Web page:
There are times in your life – in new jobs, in new relationships – that start to feel like turning points. Whether it feels like living in the present without an eye to what’s next, or just a transition from the new to the normal, there is a sense of an upcoming change, a break or an edge. Things start to matter more. There are ramifications to decisions, to words, to actions. It is a magical time because it helps shape the future. The real future.
My daughter is graduating high school. She is my younger child, so every thing that happens related to her high school experience is the last one for me. It is time for the senior assembly. I don’t always know if these things are important to her. Sometimes they are and sometimes they’re not. She’s not getting any awards, but as she said, she is a senior. It is important to here and I will be there.
This is not an original thought, nor a timely one, but there were several instances on the streets of New York where I thought someone was talking to me and they were on the phone. This has been a trend for many years – from the days of connecting a Jabba bluetooth ear piece to your Razor phone – but it happen enough times that I wanted to mention it. When I was growing up in New York the only people on the street talking to themselves were the homeless.
Looking across the river at Manhattan I see the iconic buildings of the skyline peeking out from behind the clouds.
American Airlines has instituted a written policy about service animals that can board planes with their passengers, which goes into effect on July 1. This is a good idea. Hedgehogs are called out specifically. That is a bad idea.
What causes a parent to test a baby’s eyesight and get them fitted for glasses? And how does the baby read the eye chart?
Whenever I pass someone going in the opposite direction on the running trail, I acknowledge them. I try to do this with everyone, no matter their pace. Even if they are walking.
How I acknowledge them is based how serious of a runner they are or if they acknowledge me first. I return any acknowledgement with the same acknowledgement. If someone is a very serious runner, I am likely to just give them a head nod. That means, “Yup, we’re both runners.” If they seem to be a little more casual, I will offer them a wave. Usually it’s just the raise of a hand on the side closest to them that means, “Hey, glad we’re both out here running.”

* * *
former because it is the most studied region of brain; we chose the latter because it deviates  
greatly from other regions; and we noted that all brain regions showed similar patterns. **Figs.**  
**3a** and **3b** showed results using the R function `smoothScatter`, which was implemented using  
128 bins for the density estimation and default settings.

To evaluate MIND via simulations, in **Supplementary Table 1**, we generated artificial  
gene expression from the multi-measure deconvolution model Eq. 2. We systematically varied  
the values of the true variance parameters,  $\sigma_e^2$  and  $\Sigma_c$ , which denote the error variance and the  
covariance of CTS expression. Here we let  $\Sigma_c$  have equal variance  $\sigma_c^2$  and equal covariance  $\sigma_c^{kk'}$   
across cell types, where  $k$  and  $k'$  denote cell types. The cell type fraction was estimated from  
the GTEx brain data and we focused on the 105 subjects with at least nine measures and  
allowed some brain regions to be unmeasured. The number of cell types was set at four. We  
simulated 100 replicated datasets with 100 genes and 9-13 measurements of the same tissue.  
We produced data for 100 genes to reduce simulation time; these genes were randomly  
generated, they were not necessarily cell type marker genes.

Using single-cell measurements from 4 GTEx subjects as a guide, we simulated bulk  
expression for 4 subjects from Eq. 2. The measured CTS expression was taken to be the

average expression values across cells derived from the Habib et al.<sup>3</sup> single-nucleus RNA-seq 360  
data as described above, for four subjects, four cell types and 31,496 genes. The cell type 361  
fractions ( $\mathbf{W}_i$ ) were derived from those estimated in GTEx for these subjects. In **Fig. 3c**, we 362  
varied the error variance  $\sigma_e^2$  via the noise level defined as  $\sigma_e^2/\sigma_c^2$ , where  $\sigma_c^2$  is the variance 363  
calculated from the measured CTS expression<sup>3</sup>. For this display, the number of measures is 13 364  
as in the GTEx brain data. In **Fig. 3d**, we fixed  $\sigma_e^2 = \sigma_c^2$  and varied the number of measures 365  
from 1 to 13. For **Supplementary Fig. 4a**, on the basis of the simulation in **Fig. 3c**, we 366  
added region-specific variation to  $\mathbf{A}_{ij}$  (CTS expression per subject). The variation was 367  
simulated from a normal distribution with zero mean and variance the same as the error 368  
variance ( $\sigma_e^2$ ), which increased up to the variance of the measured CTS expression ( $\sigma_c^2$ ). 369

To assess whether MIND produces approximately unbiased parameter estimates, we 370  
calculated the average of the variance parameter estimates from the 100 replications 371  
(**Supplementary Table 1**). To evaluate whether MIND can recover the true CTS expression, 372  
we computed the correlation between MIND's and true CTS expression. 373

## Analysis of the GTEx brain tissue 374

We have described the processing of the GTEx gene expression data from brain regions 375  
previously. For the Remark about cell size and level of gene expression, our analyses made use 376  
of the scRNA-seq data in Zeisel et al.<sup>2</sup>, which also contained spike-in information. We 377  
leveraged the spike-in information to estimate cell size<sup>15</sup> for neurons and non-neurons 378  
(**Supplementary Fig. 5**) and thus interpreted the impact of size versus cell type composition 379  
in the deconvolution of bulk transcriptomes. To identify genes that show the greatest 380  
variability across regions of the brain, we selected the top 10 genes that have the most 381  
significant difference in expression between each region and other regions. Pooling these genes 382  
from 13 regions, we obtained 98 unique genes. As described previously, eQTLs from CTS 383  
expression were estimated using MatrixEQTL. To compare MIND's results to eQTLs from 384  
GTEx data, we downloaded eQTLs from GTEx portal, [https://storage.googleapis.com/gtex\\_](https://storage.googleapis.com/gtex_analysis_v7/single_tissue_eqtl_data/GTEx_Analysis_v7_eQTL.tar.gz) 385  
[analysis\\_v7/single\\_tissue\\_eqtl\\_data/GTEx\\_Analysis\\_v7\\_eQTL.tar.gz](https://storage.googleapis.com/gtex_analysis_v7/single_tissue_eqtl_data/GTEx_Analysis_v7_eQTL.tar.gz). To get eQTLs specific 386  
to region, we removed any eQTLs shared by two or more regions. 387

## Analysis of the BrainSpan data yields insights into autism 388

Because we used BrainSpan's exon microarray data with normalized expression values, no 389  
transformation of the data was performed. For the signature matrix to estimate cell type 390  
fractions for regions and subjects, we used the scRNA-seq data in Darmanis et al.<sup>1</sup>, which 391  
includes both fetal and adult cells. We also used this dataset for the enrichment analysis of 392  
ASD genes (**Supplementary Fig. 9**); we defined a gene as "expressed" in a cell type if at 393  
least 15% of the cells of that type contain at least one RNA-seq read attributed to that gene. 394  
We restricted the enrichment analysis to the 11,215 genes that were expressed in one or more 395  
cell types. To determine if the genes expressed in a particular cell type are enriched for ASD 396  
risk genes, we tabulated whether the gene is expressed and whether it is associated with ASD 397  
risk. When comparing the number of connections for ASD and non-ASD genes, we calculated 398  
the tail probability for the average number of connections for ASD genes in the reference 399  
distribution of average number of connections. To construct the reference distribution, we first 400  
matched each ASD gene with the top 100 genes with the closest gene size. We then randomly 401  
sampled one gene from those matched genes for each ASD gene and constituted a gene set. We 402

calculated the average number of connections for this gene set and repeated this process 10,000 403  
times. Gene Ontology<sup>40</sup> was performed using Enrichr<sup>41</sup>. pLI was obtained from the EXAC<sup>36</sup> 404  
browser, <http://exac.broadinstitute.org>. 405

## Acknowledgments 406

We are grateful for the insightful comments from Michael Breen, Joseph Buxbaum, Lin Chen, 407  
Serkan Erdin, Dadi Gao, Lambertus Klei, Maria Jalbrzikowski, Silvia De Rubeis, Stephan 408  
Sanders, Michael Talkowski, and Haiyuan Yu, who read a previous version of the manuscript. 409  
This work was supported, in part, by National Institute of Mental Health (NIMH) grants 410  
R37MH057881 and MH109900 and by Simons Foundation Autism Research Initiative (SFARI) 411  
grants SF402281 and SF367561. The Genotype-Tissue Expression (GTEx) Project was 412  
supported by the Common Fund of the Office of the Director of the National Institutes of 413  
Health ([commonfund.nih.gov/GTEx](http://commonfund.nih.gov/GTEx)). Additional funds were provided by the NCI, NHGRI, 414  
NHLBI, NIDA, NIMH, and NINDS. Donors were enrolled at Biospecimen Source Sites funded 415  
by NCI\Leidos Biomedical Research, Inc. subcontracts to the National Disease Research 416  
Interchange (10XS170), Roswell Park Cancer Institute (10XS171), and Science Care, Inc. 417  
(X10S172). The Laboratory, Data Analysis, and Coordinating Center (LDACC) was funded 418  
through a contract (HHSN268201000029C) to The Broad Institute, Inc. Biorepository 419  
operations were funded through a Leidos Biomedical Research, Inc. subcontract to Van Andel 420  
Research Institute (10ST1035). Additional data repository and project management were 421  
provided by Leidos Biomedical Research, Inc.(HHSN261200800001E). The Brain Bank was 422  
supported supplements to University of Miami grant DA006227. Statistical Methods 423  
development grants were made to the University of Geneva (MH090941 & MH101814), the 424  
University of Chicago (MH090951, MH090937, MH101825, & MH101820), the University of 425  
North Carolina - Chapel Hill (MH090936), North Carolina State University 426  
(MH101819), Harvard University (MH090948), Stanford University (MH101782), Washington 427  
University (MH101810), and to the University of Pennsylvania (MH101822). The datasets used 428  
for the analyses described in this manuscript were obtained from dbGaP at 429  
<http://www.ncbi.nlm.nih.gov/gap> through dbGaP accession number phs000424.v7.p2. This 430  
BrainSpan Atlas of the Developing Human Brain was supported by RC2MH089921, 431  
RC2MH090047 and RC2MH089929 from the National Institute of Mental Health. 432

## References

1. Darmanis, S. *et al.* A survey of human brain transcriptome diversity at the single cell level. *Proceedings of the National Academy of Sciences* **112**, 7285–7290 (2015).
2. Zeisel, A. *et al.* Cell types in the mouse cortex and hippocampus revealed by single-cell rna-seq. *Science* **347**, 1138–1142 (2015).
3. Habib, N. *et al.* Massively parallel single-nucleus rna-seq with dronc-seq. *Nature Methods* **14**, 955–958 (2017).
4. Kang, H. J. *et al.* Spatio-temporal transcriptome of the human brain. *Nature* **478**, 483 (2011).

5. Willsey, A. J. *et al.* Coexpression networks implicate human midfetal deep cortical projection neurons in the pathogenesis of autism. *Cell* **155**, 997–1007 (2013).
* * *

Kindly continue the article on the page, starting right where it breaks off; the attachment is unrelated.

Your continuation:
And then there’s a smile. This is a more friendly acknowledgment, but I find that my behavior is determined by societal norms. I would never smile at another dude. But I smile at almost all the women. Many smile back.
I accidentally went to the craft store again and I was nearly run over by a woman with a “CRAFTEE” license plate. They take their crafting seriously.
English is very utilitarian language, and it can lack the nuance of other languages. For example, there is a Japanese word tsundoku. It means buying a book, but not reading it. These are books that pile up with other unread books. I can relate to this word. I have boxes of these books. They were all so full of promise when I bought them. Now I avoid this by getting books from the library. There’s less investment in these stacking up, but it is also harder to go back and read them later. After I’ve long since returned them.
I joined a CSA (Community Supported Agriculture) for the first time. This means I get a box of fresh, local, farm-grown vegetables every week for eight weeks. This particular CSA supports Karen refugees (who make up 7% of Myanmar population) who grow Asian vegetables for their families as well as the CSA. The first week included romaine lettuce, kale, sweet onions, pea shoots and strawberries. I finished eating everything – with the help of my daughter – on the night before it was time to pick up the next box.